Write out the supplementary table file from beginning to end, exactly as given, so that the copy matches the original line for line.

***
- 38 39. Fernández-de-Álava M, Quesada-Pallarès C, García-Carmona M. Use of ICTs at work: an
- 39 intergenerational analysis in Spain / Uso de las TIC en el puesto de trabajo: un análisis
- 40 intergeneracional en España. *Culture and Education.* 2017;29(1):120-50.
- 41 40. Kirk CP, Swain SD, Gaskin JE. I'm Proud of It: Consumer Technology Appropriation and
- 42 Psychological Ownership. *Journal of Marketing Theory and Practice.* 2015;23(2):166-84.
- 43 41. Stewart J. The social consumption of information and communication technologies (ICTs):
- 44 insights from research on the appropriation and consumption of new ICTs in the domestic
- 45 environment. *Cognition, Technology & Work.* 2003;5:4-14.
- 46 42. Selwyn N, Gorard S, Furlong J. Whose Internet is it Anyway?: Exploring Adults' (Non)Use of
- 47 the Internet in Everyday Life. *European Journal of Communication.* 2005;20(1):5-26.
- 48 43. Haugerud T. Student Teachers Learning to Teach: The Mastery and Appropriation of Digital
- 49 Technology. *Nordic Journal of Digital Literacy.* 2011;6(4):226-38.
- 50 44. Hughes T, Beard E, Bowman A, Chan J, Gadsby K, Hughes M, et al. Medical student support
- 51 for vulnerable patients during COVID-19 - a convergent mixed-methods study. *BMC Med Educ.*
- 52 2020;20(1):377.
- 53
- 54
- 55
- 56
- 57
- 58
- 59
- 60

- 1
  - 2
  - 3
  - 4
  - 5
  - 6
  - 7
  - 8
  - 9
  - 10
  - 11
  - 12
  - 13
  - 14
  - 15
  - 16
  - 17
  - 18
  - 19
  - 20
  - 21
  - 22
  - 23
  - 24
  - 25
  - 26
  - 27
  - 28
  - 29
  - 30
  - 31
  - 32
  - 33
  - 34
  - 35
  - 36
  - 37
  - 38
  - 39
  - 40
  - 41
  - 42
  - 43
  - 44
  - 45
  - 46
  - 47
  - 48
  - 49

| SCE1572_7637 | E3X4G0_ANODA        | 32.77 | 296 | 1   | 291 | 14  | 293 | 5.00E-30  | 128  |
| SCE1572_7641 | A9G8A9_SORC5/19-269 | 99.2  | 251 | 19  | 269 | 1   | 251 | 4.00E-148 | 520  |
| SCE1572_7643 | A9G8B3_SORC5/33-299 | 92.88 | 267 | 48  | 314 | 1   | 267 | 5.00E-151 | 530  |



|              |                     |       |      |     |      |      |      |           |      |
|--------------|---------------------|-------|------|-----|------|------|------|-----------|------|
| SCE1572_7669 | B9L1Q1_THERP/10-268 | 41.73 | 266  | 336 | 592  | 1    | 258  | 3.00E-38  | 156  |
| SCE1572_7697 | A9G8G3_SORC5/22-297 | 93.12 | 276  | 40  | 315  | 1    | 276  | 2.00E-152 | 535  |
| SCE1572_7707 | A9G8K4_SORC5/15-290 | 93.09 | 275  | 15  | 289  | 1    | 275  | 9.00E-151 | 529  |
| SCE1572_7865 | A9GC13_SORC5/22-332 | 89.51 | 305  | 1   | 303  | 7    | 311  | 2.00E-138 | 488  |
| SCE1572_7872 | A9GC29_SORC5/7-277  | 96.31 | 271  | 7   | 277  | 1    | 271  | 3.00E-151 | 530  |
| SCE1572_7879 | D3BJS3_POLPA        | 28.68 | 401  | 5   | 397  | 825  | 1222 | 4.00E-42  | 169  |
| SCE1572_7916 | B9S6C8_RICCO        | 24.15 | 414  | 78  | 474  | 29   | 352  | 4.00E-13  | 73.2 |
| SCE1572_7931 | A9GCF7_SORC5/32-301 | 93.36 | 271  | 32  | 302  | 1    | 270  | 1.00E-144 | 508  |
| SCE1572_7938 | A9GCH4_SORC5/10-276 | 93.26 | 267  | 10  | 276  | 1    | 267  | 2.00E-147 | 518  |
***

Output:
- 38 39. Fernández-de-Álava M, Quesada-Pallarès C, García-Carmona M. Use of ICTs at work: an
- 39 intergenerational analysis in Spain / Uso de las TIC en el puesto de trabajo: un análisis
- 40 intergeneracional en España. *Culture and Education.* 2017;29(1):120-50.
- 41 40. Kirk CP, Swain SD, Gaskin JE. I'm Proud of It: Consumer Technology Appropriation and
- 42 Psychological Ownership. *Journal of Marketing Theory and Practice.* 2015;23(2):166-84.
- 43 41. Stewart J. The social consumption of information and communication technologies (ICTs):
- 44 insights from research on the appropriation and consumption of new ICTs in the domestic
- 45 environment. *Cognition, Technology & Work.* 2003;5:4-14.
- 46 42. Selwyn N, Gorard S, Furlong J. Whose Internet is it Anyway?: Exploring Adults' (Non)Use of
- 47 the Internet in Everyday Life. *European Journal of Communication.* 2005;20(1):5-26.
- 48 43. Haugerud T. Student Teachers Learning to Teach: The Mastery and Appropriation of Digital
- 49 Technology. *Nordic Journal of Digital Literacy.* 2011;6(4):226-38.
- 50 44. Hughes T, Beard E, Bowman A, Chan J, Gadsby K, Hughes M, et al. Medical student support
- 51 for vulnerable patients during COVID-19 - a convergent mixed-methods study. *BMC Med Educ.*
- 52 2020;20(1):377.
- 53
- 54
- 55
- 56
- 57
- 58
- 59
- 60

- 1
  - 2
  - 3
  - 4
  - 5
  - 6
  - 7
  - 8
  - 9
  - 10
  - 11
  - 12
  - 13
  - 14
  - 15
  - 16
  - 17
  - 18
  - 19
  - 20
  - 21
  - 22
  - 23
  - 24
  - 25
  - 26
  - 27
  - 28
  - 29
  - 30
  - 31
  - 32
  - 33
  - 34
  - 35
  - 36
  - 37
  - 38
  - 39
  - 40
  - 41
  - 42
  - 43
  - 44
  - 45
  - 46
  - 47
  - 48
  - 49

| SCE1572_7637 | E3X4G0_ANODA        | 32.77 | 296 | 1   | 291 | 14  | 293 | 5.00E-30  | 128  |
| SCE1572_7641 | A9G8A9_SORC5/19-269 | 99.2  | 251 | 19  | 269 | 1   | 251 | 4.00E-148 | 520  |
| SCE1572_7643 | A9G8B3_SORC5/33-299 | 92.88 | 267 | 48  | 314 | 1   | 267 | 5.00E-151 | 530  |



|              |                     |       |      |     |      |      |      |           |      |
|--------------|---------------------|-------|------|-----|------|------|------|-----------|------|
| SCE1572_7669 | B9L1Q1_THERP/10-268 | 41.73 | 266  | 336 | 592  | 1    | 258  | 3.00E-38  | 156  |
| SCE1572_7697 | A9G8G3_SORC5/22-297 | 93.12 | 276  | 40  | 315  | 1    | 276  | 2.00E-152 | 535  |
| SCE1572_7707 | A9G8K4_SORC5/15-290 | 93.09 | 275  | 15  | 289  | 1    | 275  | 9.00E-151 | 529  |
| SCE1572_7865 | A9GC13_SORC5/22-332 | 89.51 | 305  | 1   | 303  | 7    | 311  | 2.00E-138 | 488  |
| SCE1572_7872 | A9GC29_SORC5/7-277  | 96.31 | 271  | 7   | 277  | 1    | 271  | 3.00E-151 | 530  |
| SCE1572_7879 | D3BJS3_POLPA        | 28.68 | 401  | 5   | 397  | 825  | 1222 | 4.00E-42  | 169  |
| SCE1572_7916 | B9S6C8_RICCO        | 24.15 | 414  | 78  | 474  | 29   | 352  | 4.00E-13  | 73.2 |
| SCE1572_7931 | A9GCF7_SORC5/32-301 | 93.36 | 271  | 32  | 302  | 1    | 270  | 1.00E-144 | 508  |
| SCE1572_7938 | A9GCH4_SORC5/10-276 | 93.26 | 267  | 10  | 276  | 1    | 267  | 2.00E-147 | 518  |